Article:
2. The Quiet Room: A Journey Out of the Torment of Madness by Amanda Bennett and Lori Schiller
In this book, Schiller details her personal tale of survival and perseverance as she recounts her highest highs and lowest lows in her battle with schizophrenia. Her story is important because Schiller is shedding light on an often misunderstood and stereotyped disease in a way that is as compelling as it is heartbreaking.
Additionally, if there’s any interest in more psych books, I have a dear friend who focuses on Autism Spectrum Disorder and thus has a wealth of books she suggested I include. So let me know in the comments if that’s something you’d like to see!
If you’re majoring in Women, Gender & Sexuality Studies…
1. The Power by Naomi Alderman
I just started reading The Power, and I am already OBSESSED. It’s been called The Handmaid’s Tale for this generation and it details a reimagining of our world as one in which women and teenage girls possess the power to inflict torturous pain on anyone they choose. The writing is haunting and addictive and I am personally neglecting all of my assigned readings at the moments to finish this. It’s that good.
2. Feminist Fight Club: An Office Survival Manual for a Sexist Workplace by Jessica Bennett
This one has been recommended to me by so many professors that I’ve finally lost count. As humorous as it is informative, the Feminist Fight Club is a manifesto of sorts for how to survive (and thrive) in a world that continues to undervalue women and their contributions. And did I mention it’s funny? Seriously, in addition to a wealth of research and statistics, this book contains feminist Mad Libs and more.
Honorable Mentions: Their Eyes Were Watching God by Zora Neale Hurston; Men Explain Things to Me by Rebecca Solnit; White Teeth by Zadie Smith; Bad Feminist by Roxanne Gay (reviewed by CF here!); literally anything and everything by Chimamanda Ngozi Adichie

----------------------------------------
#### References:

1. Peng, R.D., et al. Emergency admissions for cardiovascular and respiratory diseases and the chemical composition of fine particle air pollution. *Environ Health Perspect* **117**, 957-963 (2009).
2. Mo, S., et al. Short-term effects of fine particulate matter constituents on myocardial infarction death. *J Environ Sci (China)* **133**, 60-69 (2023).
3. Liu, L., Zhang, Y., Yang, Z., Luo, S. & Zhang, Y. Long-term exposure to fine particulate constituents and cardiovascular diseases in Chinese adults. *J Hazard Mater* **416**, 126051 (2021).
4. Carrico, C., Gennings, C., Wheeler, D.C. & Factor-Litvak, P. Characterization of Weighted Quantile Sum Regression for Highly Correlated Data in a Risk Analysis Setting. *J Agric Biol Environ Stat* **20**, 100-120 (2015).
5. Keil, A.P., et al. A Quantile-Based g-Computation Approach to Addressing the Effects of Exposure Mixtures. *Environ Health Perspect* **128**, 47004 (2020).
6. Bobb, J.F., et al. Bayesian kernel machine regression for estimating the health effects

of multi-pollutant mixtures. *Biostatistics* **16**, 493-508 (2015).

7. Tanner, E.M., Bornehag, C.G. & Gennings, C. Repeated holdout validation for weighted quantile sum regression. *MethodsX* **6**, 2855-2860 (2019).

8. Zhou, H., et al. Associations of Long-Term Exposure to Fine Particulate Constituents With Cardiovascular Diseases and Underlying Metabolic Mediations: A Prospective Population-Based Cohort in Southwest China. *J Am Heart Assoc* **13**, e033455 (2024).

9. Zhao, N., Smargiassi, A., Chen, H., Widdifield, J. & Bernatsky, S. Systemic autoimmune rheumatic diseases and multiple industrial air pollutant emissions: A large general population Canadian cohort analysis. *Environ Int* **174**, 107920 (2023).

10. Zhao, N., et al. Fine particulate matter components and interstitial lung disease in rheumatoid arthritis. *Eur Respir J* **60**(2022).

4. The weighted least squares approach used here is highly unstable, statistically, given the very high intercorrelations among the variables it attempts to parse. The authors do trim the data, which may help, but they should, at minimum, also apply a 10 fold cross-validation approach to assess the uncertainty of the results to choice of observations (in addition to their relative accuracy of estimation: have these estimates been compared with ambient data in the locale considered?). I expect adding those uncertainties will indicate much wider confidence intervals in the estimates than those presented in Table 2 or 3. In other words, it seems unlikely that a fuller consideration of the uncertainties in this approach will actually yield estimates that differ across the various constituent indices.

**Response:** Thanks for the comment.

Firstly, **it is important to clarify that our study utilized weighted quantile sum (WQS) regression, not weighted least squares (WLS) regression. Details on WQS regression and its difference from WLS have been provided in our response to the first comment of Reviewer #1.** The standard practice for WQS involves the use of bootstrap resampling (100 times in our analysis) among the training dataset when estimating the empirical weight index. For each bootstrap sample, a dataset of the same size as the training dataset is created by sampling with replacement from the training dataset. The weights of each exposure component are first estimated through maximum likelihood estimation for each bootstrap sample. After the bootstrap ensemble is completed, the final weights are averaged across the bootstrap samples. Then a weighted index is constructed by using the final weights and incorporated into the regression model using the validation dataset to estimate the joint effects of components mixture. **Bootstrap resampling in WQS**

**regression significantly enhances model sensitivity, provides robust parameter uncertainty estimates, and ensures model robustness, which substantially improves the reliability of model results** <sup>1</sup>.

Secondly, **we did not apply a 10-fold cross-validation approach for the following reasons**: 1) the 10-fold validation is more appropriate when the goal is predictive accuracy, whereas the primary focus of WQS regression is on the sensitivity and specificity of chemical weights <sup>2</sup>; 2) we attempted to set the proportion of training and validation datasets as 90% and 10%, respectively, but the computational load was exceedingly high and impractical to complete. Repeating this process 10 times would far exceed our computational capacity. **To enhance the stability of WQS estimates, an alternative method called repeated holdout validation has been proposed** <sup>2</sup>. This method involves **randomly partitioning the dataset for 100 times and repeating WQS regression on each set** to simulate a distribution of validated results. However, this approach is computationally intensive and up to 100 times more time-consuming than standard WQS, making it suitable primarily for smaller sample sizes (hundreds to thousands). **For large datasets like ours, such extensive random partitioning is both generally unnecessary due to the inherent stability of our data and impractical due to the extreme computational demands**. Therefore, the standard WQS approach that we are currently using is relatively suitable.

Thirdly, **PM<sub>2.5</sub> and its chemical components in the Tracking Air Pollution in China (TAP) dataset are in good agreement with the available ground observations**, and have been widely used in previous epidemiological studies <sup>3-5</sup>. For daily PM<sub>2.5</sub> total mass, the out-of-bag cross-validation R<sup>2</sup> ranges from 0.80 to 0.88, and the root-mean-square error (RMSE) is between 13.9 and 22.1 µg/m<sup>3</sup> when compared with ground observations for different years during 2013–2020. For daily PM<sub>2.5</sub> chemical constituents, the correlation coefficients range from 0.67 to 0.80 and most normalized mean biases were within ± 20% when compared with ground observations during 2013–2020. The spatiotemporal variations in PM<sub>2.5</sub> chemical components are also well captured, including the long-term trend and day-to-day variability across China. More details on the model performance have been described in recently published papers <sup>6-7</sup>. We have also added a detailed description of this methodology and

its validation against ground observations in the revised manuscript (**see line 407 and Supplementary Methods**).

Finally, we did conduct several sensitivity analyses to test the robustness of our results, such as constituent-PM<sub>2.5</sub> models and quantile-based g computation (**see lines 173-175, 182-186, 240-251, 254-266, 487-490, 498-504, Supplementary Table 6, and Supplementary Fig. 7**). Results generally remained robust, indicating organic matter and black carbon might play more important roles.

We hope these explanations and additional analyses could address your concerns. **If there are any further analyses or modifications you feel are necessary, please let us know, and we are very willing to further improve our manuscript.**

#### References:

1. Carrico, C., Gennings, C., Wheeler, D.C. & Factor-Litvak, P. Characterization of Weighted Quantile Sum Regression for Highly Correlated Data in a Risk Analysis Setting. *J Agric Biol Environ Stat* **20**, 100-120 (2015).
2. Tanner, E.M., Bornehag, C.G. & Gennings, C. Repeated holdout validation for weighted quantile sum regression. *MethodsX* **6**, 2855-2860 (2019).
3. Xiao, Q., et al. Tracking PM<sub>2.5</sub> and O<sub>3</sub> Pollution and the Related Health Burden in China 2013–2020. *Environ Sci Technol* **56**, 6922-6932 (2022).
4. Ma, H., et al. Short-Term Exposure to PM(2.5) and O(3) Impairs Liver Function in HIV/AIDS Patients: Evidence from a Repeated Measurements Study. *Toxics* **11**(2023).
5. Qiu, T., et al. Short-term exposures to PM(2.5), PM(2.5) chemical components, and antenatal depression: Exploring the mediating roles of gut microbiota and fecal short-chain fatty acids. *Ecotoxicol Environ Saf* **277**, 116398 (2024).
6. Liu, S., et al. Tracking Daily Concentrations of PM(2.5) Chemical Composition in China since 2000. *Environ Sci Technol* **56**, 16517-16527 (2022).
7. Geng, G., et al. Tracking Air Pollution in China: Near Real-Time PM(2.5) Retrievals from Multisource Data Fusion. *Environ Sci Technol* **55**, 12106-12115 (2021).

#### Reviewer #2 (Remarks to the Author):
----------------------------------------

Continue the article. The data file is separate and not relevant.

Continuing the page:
The Best Books, According to Biology Majors:
1. The Immortal Life of Henrietta Lacks by Rebecca Skloot
This book is a best-seller (and Oprah endorsed!) for a reason. It tells the often-ignored story of how inequality, race, and medicine have interacted in our nation’s history. Henrietta Lacks had her DNA, her very essence, taken without her consent or knowledge. For years her story was kept secret until this novel brought the truth to the public’s eye igniting a dialogue about the intersection of ethics and scientific discovery.
2. Power, Sex, Suicide: Mitochondria and the Meaning of Life by Nick Lane.
The title of this pick alone won me over. This book delves into everyone’s favorite powerhouse, the cell, and how it actually determines far more of our lives and our choices than you could ever imagine.
Honorable Mention: This is Your Brain on Parasites: How Tiny Creatures Manipulate Our Behavior and Shape Society by Kathleen McAuliffe
The Best Books, According to English Majors (Poetry):
Because English is such a broad major encompassing various literary works, I am focusing on poetry books alone for this week’s recommendations. Check back soon for our next installment, featuring more English Major picks!
1. Citizen: An American Lyric by Claudia Rankine
This is a follow up to Claudia Ranine’s first and equally as evocative work Don’t Let Me Be Lonely: An American Lyric. It is a commentary on race relations that is as poignant as it relevant and it is a must-read for anyone with a love of language.
2. [insert] boy by Danez Smith
Danez Smith is an accomplished spoken word poet whose videos have hundreds of thousands of views on Youtube. This is their first published work and is perfect for any fan of spoken word or slam poetry.
Honorable Mention: the princess saves herself in this one by Amanda Lovelace
The Best Books, According to Engineering Majors:
By now, everyone should know about this book. Highlighting the brilliant work of Black women in STEM and the vital role they played in our nation’s race to space, the book that inspired the critically-acclaimed movie is a must-read for anyone who, like the protagonists of the book and film, is determined to reach for the stars.
2. To Engineer is Human: The Role of Failure in Successful Design by Henry Petroski